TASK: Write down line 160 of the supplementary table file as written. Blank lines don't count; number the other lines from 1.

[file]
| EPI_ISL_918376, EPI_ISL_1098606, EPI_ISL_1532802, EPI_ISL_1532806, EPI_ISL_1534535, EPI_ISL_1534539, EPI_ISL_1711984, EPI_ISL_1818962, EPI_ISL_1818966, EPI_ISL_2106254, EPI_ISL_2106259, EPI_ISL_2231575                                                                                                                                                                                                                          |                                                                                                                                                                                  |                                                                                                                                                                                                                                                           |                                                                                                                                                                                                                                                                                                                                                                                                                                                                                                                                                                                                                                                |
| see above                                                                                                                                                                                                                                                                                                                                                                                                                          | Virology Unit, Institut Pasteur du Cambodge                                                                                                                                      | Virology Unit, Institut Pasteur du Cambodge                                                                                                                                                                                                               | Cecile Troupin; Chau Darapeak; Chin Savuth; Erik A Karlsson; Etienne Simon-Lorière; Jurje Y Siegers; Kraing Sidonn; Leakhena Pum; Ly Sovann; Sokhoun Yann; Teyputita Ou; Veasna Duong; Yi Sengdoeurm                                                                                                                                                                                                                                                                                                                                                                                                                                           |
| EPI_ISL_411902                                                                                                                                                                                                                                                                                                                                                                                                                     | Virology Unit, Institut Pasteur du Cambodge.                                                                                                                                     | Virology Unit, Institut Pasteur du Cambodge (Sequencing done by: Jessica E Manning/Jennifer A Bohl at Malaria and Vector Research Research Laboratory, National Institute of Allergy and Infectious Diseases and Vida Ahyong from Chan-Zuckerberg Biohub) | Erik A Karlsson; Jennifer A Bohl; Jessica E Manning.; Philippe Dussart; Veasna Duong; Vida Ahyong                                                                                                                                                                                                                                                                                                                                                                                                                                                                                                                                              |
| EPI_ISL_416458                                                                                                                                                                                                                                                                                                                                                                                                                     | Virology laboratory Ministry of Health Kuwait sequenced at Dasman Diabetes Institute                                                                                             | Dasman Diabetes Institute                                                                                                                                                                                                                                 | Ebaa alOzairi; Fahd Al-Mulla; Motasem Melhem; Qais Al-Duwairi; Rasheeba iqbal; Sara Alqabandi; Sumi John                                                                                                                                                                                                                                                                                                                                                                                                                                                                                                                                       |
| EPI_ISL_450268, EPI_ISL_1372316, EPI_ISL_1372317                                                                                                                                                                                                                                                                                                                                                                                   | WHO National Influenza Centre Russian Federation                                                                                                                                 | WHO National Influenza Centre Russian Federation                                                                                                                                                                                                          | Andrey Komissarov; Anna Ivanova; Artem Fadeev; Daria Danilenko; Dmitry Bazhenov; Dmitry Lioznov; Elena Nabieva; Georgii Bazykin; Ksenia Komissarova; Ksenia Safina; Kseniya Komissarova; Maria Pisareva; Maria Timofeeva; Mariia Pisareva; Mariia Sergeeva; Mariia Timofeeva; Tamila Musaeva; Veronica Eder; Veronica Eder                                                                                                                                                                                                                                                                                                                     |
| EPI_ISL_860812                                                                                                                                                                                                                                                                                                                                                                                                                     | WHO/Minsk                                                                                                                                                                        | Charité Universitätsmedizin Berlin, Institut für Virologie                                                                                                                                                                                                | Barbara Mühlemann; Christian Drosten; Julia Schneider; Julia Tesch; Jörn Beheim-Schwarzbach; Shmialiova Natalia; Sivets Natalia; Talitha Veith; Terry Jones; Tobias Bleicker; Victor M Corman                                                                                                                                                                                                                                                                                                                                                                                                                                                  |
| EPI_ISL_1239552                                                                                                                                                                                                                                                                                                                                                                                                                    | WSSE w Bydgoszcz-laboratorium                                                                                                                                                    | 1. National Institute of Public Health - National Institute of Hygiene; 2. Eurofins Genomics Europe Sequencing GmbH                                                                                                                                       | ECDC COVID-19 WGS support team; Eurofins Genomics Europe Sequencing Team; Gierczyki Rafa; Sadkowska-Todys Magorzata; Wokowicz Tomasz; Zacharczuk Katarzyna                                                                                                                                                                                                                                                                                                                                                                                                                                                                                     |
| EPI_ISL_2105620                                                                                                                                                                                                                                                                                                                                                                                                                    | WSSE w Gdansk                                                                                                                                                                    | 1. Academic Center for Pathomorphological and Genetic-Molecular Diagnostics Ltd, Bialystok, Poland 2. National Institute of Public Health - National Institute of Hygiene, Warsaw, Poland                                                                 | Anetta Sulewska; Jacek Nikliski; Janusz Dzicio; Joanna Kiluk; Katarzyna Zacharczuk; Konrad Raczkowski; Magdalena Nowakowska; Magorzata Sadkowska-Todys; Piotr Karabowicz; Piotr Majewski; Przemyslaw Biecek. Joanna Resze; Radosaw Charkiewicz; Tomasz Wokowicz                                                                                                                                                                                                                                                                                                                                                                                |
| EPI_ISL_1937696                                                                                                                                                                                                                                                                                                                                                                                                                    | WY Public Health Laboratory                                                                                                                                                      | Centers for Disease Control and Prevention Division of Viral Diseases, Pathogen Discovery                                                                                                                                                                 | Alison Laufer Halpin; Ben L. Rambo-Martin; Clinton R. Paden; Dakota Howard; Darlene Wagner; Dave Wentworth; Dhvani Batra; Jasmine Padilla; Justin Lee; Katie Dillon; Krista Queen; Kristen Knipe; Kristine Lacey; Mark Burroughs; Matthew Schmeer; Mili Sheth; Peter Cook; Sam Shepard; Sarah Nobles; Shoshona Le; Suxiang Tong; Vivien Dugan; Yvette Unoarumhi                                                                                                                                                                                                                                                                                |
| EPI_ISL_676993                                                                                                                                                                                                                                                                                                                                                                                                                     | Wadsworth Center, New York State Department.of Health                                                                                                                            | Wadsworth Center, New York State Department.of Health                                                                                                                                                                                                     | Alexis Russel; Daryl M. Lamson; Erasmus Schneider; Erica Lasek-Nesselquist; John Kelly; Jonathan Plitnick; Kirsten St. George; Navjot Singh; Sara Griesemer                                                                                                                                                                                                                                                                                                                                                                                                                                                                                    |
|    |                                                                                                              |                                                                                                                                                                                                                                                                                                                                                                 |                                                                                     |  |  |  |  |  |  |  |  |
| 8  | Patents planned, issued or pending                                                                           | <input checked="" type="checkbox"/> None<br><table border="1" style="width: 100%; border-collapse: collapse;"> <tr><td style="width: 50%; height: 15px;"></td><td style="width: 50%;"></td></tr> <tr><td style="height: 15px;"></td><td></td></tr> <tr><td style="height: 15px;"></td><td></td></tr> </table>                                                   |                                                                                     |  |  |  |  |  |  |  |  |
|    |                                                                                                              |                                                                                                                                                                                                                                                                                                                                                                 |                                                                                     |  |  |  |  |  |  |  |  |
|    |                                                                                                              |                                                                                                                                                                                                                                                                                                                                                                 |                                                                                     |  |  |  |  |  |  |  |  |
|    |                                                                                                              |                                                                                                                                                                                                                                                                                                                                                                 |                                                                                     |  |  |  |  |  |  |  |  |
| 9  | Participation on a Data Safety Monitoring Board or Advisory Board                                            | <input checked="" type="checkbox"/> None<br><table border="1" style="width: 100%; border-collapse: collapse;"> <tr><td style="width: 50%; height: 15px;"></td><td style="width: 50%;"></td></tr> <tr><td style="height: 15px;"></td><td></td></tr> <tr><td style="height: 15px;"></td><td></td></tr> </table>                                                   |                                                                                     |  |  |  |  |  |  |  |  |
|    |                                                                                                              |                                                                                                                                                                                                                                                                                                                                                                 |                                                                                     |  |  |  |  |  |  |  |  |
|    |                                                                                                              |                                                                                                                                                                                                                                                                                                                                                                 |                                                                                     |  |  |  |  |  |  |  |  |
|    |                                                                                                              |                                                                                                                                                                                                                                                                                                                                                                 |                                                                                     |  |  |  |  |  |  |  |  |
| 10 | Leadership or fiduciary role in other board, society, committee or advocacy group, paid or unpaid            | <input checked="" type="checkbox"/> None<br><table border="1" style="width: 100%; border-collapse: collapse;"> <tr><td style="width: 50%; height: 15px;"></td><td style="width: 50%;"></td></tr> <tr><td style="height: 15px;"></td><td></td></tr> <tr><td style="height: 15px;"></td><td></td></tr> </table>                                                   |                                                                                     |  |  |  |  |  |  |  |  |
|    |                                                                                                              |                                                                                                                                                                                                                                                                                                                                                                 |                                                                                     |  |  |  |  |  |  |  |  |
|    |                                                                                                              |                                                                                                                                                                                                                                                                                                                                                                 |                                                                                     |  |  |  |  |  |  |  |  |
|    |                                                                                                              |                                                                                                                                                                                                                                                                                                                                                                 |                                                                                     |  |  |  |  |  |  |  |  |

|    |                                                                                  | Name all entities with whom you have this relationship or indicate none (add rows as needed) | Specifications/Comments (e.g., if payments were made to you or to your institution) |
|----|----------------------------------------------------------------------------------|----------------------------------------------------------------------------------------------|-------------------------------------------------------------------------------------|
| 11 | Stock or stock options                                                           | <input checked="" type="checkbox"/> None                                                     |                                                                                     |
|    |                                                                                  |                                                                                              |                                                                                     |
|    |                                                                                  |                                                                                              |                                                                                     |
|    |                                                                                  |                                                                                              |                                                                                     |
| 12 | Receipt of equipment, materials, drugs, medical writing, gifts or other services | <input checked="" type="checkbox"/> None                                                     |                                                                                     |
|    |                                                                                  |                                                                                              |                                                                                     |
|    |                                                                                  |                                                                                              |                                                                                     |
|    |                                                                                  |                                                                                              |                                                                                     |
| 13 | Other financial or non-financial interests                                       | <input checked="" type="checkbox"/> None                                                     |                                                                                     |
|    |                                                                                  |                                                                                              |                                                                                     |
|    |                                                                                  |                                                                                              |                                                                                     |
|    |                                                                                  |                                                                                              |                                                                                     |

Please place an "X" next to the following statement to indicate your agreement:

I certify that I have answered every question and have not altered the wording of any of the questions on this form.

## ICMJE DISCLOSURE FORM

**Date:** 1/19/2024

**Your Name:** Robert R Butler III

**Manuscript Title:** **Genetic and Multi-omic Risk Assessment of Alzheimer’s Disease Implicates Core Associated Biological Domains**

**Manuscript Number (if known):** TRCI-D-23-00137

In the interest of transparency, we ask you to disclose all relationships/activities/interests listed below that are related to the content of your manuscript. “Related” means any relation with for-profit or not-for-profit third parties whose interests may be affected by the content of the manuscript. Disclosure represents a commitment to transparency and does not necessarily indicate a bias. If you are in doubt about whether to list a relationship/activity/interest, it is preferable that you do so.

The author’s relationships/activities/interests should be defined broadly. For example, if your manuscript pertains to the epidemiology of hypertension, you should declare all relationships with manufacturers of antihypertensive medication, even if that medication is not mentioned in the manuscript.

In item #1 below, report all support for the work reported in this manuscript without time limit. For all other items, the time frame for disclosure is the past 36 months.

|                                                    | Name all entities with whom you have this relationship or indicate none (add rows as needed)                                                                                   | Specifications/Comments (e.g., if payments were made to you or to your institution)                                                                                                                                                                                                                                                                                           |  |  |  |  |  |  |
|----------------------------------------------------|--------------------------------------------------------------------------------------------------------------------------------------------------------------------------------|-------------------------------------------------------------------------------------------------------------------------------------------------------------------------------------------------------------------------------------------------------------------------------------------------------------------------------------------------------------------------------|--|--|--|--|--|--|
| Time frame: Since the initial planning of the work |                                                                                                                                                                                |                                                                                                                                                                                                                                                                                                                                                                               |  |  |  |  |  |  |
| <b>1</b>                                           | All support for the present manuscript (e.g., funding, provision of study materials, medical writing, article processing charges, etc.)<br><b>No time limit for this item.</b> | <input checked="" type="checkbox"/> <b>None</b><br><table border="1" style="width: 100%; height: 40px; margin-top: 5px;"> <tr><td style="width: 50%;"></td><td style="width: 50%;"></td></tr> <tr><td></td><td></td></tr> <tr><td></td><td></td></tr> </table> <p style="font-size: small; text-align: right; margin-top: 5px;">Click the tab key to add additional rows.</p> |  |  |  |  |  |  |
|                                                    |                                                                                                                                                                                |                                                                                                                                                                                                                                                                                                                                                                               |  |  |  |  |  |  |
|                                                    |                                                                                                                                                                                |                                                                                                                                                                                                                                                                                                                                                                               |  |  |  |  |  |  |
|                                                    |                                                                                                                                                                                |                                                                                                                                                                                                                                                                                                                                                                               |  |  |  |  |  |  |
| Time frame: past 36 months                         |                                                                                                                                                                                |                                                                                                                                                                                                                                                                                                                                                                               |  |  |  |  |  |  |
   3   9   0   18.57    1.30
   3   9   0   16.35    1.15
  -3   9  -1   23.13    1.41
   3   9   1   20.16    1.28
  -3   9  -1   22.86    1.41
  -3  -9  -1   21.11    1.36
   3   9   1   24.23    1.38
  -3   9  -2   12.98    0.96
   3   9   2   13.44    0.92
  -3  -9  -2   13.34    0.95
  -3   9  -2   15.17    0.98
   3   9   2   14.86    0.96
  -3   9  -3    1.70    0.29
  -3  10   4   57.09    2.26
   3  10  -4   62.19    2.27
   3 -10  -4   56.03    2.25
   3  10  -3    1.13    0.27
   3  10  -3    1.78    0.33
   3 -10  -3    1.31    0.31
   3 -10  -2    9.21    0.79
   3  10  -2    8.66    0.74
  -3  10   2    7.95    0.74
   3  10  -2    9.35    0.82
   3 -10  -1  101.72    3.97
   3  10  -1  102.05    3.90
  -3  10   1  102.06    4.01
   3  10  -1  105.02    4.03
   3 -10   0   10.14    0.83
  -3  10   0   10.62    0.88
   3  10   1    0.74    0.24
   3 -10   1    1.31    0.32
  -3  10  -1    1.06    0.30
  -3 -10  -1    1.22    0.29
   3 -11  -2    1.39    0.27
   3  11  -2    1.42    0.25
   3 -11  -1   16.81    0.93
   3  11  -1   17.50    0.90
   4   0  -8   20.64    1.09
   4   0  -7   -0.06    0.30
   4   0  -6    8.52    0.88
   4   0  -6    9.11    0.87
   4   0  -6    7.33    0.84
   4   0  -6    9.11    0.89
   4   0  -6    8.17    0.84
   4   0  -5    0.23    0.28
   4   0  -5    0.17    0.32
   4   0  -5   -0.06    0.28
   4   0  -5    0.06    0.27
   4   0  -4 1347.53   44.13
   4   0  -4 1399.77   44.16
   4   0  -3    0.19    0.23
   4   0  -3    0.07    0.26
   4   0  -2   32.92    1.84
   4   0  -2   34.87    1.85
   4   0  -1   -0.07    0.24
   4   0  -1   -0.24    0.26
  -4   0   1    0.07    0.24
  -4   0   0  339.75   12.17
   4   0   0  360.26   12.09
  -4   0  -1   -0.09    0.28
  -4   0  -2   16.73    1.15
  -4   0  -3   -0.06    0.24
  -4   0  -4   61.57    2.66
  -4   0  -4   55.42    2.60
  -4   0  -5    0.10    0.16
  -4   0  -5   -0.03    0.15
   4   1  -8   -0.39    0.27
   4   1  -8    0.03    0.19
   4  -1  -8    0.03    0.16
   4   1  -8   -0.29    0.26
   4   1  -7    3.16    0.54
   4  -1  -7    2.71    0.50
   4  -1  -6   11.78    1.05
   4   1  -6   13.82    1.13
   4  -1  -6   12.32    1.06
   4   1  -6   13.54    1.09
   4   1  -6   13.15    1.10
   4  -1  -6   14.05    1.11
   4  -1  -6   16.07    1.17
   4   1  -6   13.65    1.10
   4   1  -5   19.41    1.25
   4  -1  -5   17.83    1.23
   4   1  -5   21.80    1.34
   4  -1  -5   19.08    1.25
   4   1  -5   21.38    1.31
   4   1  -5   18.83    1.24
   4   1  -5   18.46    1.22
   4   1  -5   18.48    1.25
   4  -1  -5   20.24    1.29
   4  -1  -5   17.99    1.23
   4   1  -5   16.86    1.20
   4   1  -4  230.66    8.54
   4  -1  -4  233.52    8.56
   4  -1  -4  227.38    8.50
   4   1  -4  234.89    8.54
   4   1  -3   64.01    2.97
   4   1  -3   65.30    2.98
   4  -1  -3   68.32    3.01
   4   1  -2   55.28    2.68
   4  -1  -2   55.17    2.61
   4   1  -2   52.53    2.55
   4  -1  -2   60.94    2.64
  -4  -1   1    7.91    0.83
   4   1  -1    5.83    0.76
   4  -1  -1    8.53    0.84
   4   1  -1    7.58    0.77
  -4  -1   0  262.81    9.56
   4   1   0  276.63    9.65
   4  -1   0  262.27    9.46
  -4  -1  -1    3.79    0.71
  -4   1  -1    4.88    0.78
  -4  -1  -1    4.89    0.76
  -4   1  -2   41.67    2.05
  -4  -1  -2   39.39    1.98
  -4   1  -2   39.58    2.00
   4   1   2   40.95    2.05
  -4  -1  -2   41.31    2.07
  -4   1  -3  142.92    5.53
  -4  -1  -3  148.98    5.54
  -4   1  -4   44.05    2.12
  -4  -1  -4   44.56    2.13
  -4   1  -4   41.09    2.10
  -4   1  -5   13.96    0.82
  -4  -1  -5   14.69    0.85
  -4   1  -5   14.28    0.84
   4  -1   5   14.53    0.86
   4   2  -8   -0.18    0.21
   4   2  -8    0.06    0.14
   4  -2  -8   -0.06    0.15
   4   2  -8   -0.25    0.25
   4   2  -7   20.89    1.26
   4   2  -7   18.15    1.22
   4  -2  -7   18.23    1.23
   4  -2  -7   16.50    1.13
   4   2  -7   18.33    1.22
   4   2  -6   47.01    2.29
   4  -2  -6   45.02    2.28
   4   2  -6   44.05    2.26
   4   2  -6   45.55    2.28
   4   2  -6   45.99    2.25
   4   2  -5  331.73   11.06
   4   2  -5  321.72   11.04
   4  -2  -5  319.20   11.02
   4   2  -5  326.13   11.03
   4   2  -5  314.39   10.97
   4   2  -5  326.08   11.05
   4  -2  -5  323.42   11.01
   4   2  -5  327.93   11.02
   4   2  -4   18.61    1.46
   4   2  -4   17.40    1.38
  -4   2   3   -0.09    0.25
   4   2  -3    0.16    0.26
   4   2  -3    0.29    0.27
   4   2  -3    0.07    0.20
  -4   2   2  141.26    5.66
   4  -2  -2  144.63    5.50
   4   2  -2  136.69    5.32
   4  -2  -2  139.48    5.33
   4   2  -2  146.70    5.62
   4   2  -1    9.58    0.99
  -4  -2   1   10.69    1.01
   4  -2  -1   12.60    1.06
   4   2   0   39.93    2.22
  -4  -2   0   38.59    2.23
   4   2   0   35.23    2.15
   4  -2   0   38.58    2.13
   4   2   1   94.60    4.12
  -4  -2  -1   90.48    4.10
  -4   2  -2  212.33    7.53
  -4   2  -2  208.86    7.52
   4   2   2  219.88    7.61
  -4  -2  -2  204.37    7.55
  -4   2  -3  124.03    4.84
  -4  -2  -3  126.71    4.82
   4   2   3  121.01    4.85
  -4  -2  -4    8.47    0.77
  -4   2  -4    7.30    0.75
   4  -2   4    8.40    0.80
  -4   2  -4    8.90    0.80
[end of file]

   4  -1  -1    8.53    0.84